Source: The Capital Times
When Diana Eck talks about the changing religious landscape of America, she can cite many vivid examples, but one in particular hits close to home for her.
Speaking in Madison last week, the Harvard professor described how a Knights of Columbus Hall in Cambridge, Mass. -- a gathering place for some of the most loyal Roman Catholics -- is now an Islamic mosque.
"Change is what is happening in the American context, and we know perfectly well that it makes people uncomfortable," Eck told Madison area residents who had gathered for one of the major public events at an academic conference on religious pluralism in modern America.
Although many of the presentations had a scholarly tone, the folks gathered here from around the country under the auspices of the Lubar Institute for the Study of Abrahamic Religions were dealing with topics that have a particular edge in a society that tries to cope with a huge change in its religious landscape.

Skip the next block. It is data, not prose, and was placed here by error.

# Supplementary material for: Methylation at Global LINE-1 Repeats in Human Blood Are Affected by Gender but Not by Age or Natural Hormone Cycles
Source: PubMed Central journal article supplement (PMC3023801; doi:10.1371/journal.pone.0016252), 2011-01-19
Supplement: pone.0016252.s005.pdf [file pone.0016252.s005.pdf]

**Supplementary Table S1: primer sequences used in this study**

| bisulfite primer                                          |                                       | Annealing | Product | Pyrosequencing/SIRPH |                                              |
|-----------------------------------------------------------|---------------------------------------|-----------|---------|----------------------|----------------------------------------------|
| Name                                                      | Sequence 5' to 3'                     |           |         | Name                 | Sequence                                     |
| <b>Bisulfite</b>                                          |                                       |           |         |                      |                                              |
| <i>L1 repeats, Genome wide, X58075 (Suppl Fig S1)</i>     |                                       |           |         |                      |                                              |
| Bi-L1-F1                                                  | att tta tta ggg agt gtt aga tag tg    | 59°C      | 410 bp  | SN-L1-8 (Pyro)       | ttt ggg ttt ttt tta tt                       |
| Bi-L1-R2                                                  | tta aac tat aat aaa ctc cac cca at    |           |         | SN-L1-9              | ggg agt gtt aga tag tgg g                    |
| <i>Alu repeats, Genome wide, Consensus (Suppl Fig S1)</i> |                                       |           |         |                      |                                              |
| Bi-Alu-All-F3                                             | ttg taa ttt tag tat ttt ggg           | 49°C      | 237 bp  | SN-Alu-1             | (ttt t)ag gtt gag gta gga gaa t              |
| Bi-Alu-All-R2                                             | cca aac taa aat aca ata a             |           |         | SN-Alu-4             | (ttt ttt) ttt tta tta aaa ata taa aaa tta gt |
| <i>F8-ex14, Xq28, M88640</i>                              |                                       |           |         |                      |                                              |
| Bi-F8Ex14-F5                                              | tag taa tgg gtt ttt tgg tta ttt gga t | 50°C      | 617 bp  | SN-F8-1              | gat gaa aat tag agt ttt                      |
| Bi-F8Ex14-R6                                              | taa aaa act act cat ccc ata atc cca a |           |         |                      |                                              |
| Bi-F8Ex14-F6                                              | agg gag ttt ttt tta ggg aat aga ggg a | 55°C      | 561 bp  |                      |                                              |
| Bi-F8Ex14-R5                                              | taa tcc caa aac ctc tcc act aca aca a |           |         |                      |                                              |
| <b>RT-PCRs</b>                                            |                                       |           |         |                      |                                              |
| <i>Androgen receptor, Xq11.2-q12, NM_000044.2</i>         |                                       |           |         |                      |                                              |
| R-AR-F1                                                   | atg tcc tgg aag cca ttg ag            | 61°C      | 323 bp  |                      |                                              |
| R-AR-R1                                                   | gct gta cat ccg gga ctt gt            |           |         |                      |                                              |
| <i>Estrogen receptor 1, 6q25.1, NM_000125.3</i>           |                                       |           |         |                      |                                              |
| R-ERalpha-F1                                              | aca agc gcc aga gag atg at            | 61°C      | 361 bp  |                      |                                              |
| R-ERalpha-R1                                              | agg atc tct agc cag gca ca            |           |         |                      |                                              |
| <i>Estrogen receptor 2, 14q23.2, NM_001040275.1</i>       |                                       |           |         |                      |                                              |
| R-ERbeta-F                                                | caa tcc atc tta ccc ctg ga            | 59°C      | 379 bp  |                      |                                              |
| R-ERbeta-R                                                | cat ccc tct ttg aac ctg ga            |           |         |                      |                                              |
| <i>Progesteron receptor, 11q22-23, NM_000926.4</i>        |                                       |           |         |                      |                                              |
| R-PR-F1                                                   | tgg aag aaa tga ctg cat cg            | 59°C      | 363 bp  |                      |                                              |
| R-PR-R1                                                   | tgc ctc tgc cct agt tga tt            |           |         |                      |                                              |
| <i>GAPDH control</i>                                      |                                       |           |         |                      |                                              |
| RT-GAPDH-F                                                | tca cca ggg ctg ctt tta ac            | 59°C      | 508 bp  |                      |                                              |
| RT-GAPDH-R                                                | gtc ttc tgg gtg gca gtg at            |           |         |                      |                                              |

It's true, Christianity is still the dominant religion in the United States, but Eck notes that immigration has substantially changed the mix. Now there are Brazilian Assembly of God congregations and Korean Presbyterians and, of course, a boom in Spanish-speaking congregations all across the country. The fastest-growing religious segment is those who describe themselves as not religious at all. They accounted for 7 percent of the population in 1972 and now account for about 14 percent, according to data presented by sociologist John Evans of the University of California-San Diego.